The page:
Because the standards of honesty he sets himself in his new persona are at once impossible to attain and make him quite impossible to live with, even for those who loved and admired him.
This was my first attempt at playwriting, but it was short-listed in the Australian Playwrights Association annual competition in 1993. Sadly, however, it has never been performed on stage. Nor has anyone offered to turn it into a film despite it being a ready-made ‘Merchant and Ivory- style’ period piece. For Wittgenstein was not only a fascinating thinker and character, he was, in the course of an extraordinarily rich life, in touch (directly or indirectly) with Freud, Keynes, Klimt, the Bloomsbury set, Hitler – and all the fascinating beauties and frailties of inter-war Vienna and Cambridge.
A leading north-east New Labour politician has been murdered. Tim Dawson, a rising star of New Labour politics in Newcastle, and Chair of the Tyne and Wear Council, has been shot twice through the head and heart in what looks like a professional killing. His local rival for power in the Labour Party, the tough, old-style union activist, Ralph Lambis is the main suspect in many peoples’ eyes, but the police are having a hard time proving anything.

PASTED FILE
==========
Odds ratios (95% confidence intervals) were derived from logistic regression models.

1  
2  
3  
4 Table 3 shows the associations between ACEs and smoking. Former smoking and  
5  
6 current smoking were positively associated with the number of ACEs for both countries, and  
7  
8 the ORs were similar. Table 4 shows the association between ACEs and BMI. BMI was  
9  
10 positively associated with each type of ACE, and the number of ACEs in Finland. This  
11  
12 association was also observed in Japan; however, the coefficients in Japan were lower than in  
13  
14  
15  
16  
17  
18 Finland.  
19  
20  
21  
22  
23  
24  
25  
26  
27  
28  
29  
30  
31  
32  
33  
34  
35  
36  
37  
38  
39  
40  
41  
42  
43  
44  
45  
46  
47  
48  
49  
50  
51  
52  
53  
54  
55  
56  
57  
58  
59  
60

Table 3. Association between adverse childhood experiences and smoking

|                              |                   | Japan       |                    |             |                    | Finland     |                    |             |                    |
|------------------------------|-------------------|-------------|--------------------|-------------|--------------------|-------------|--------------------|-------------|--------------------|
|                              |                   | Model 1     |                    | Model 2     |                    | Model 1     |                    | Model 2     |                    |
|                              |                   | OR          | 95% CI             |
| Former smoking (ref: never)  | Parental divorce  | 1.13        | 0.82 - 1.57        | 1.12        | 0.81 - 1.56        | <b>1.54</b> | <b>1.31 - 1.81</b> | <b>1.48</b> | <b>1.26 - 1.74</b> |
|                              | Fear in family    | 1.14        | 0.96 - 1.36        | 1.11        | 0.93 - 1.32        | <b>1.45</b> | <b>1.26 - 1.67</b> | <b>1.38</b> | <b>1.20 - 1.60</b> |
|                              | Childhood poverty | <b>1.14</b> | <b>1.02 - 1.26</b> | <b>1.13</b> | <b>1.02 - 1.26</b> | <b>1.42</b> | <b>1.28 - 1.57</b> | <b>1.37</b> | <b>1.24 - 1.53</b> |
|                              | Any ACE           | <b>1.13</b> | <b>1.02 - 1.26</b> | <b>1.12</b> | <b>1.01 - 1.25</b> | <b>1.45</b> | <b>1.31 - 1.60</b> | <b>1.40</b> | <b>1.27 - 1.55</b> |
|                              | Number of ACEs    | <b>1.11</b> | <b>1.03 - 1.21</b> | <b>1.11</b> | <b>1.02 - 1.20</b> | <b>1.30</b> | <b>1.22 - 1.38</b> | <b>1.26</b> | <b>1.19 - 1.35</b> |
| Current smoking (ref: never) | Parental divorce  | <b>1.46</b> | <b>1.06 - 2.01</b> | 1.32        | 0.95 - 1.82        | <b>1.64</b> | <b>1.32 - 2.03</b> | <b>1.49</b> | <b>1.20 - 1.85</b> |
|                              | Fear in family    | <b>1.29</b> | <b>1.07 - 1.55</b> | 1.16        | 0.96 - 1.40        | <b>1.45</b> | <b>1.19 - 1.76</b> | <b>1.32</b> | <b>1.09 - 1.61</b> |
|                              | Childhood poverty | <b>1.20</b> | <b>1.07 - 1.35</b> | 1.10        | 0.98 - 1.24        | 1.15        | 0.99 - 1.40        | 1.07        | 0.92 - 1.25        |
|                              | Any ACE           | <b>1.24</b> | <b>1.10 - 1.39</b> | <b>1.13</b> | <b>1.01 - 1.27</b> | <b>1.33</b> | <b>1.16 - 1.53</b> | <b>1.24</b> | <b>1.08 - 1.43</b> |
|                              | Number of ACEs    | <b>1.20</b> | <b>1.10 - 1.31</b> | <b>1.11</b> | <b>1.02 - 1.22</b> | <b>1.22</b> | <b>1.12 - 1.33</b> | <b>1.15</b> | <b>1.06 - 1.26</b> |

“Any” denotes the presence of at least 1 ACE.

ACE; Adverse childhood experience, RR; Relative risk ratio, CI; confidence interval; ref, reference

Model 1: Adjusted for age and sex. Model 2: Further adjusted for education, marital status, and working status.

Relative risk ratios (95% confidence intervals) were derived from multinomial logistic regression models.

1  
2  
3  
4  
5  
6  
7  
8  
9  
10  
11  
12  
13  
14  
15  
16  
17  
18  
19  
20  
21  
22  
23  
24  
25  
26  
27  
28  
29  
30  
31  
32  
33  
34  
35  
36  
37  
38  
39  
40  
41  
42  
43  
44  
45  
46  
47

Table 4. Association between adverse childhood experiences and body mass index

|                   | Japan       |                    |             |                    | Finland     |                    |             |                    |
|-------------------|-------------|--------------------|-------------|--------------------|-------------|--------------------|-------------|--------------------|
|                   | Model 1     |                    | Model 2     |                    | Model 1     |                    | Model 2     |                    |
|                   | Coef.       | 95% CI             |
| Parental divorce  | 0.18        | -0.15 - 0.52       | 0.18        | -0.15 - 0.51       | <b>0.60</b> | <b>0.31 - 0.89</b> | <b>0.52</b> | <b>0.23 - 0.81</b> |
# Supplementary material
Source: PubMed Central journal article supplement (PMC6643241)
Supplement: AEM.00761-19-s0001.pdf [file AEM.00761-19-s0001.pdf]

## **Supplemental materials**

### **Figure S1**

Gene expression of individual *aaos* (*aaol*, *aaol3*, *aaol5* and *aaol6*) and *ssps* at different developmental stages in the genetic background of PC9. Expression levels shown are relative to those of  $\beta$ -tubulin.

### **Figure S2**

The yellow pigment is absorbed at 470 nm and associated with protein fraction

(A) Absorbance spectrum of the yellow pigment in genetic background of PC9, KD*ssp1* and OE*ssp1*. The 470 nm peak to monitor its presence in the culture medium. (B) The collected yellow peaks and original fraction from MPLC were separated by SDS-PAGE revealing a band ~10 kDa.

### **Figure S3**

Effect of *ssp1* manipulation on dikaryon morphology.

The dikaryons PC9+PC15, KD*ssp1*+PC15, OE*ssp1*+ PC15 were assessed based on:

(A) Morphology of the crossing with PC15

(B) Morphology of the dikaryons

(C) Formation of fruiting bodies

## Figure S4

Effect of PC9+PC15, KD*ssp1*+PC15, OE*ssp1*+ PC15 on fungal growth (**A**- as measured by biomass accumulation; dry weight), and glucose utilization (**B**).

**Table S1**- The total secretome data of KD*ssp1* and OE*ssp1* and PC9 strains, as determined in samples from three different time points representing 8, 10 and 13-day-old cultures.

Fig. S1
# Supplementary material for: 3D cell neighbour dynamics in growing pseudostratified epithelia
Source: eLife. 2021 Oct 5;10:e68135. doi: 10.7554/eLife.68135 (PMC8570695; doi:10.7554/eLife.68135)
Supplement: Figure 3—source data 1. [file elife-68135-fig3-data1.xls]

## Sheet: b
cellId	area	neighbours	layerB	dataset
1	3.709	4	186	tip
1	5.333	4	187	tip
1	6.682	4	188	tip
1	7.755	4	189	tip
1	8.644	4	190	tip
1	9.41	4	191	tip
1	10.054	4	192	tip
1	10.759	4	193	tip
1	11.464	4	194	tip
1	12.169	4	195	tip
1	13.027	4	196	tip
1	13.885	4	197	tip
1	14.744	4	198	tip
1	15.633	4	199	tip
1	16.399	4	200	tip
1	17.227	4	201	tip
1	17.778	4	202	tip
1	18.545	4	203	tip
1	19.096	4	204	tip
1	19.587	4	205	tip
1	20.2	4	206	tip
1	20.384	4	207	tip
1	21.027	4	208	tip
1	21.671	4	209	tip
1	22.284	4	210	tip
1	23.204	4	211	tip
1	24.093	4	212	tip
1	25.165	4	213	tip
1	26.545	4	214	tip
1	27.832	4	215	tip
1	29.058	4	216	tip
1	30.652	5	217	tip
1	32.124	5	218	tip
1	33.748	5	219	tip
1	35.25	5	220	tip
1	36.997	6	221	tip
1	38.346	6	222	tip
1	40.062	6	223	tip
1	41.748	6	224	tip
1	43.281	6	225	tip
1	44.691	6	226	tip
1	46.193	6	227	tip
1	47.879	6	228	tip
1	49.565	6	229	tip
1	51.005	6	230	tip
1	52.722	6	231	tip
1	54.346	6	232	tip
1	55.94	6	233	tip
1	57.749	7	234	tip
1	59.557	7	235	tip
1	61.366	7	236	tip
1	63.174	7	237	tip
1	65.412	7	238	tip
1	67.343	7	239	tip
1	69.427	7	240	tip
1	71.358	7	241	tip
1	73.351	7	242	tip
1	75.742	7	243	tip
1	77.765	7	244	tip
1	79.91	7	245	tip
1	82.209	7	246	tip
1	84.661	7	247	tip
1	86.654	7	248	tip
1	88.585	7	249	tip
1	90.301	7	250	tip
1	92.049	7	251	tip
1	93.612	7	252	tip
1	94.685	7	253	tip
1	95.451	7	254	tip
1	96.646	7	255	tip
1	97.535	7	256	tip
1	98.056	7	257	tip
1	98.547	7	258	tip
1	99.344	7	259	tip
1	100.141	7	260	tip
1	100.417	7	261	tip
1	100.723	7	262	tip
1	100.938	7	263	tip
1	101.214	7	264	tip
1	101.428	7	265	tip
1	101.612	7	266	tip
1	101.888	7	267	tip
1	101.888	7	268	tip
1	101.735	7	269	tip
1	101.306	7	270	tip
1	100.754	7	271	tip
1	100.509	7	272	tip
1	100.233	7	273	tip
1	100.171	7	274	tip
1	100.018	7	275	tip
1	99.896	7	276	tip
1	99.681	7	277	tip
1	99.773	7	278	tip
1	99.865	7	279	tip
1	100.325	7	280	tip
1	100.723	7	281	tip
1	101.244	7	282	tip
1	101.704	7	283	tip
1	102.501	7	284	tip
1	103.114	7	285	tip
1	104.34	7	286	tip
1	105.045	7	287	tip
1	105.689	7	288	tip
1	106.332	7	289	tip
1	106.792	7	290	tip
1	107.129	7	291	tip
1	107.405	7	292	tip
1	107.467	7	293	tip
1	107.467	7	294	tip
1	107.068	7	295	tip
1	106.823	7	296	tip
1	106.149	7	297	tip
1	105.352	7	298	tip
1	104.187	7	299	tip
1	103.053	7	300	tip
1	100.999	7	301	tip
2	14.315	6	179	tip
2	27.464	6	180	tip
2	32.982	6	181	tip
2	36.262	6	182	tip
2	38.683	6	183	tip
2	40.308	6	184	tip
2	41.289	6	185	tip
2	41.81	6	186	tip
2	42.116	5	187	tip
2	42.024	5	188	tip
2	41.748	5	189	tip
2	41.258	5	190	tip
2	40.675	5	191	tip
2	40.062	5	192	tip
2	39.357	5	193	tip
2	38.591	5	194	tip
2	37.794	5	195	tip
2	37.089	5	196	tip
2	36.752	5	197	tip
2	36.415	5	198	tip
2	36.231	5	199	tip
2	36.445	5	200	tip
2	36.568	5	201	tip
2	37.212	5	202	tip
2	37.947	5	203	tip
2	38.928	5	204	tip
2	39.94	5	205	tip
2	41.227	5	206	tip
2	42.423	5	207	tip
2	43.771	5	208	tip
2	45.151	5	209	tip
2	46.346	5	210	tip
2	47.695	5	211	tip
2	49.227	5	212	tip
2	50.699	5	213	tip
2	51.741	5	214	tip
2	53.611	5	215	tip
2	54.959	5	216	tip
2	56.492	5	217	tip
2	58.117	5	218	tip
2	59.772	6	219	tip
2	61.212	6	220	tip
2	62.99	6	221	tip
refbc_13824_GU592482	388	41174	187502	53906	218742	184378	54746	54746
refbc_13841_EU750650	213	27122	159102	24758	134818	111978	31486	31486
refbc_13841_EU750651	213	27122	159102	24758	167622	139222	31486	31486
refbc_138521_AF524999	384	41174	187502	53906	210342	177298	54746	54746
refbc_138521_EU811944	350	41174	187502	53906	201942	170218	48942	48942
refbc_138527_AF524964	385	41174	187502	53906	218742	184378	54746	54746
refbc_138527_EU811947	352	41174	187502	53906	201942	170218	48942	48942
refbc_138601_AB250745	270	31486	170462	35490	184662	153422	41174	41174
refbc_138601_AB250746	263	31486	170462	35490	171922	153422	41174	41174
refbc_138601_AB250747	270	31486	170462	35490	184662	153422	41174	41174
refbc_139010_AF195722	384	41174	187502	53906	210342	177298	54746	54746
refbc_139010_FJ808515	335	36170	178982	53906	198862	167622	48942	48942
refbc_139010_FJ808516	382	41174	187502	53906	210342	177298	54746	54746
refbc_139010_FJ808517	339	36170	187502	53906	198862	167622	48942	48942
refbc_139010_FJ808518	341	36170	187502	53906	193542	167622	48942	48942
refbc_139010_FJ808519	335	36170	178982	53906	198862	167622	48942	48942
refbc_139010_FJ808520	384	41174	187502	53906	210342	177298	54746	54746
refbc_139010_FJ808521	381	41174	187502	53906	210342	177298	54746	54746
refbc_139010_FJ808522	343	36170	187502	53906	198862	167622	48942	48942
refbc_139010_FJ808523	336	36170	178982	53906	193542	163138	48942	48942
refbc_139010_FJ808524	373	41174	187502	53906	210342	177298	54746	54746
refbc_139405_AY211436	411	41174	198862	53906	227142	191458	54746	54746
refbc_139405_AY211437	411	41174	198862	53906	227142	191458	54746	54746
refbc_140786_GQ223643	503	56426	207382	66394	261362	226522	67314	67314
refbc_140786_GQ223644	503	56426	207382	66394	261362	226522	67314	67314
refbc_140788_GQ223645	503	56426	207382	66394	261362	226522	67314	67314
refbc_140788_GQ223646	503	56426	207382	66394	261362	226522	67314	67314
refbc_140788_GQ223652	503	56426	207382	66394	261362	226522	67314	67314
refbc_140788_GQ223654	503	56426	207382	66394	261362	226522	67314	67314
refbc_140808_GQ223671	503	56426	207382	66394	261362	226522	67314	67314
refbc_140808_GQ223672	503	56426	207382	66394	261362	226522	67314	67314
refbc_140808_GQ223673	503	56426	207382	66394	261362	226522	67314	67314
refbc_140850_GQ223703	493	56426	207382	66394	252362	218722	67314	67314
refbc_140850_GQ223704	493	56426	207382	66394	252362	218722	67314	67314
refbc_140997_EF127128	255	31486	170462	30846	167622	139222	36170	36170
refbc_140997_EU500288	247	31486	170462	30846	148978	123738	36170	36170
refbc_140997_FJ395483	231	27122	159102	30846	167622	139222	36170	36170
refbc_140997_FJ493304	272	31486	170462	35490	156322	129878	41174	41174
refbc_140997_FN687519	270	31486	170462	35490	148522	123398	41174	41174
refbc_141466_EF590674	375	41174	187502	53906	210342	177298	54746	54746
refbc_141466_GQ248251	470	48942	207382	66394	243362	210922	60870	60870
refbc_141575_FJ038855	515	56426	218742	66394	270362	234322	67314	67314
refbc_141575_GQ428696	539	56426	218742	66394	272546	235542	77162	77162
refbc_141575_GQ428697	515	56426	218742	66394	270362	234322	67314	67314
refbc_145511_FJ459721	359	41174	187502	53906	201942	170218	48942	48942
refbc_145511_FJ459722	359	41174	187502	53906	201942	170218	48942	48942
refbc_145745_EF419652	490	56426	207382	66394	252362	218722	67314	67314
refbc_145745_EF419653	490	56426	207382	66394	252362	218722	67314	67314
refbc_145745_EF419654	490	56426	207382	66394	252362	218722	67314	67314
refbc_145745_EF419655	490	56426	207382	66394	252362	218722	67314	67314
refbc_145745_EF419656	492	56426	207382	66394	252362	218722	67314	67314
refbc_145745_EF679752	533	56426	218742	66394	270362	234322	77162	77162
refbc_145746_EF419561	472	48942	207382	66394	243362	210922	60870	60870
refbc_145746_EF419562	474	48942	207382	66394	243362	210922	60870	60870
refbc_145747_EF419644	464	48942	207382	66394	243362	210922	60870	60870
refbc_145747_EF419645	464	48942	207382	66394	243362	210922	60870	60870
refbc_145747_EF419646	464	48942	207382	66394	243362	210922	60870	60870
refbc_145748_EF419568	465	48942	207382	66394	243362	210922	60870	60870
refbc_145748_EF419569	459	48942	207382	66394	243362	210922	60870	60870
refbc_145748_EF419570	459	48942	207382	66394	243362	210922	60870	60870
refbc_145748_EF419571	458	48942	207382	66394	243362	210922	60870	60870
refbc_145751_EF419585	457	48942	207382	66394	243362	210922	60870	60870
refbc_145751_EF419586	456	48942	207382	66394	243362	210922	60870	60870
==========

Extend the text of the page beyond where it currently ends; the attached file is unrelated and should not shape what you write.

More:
Bob Henderson, a former Professor of Philosophy, has retired to his native north-east to commence the descent into old age in the scenic Pennine village of Stanhope. He is drawn into the murder through a chance meeting with Tim and his beautiful wife Stella, and through his new friendship with Detective Superintendant Peter Halgrave, a former school mate remet by accident, and one of the principal officers on the case.
In coming to discover the murderer, Bob learns a fresh respect for his new policeman friend, is exposed to some of the nastier sides of life in the present day north-east, and finds that he is still capable of feelings and desires he thought long left behind. He also discovers that the intellectual and political passions that have shaped his life – passions about which he has lately come to feel jaded, even cynical – can still help him understand the world and the often strange motives that drive the people in it.
For those who do not come from there, it is important to know something about the north-east of England if you are really to understand the Bob Henderson novels, so here is a short introduction.
From the early nineteenth century to the 1980s, the northen English counties of Durham and Northumberland shared a common ‘heavy industrial’ history of coal mining, iron and steel production, shipbuilding and heavy engineering.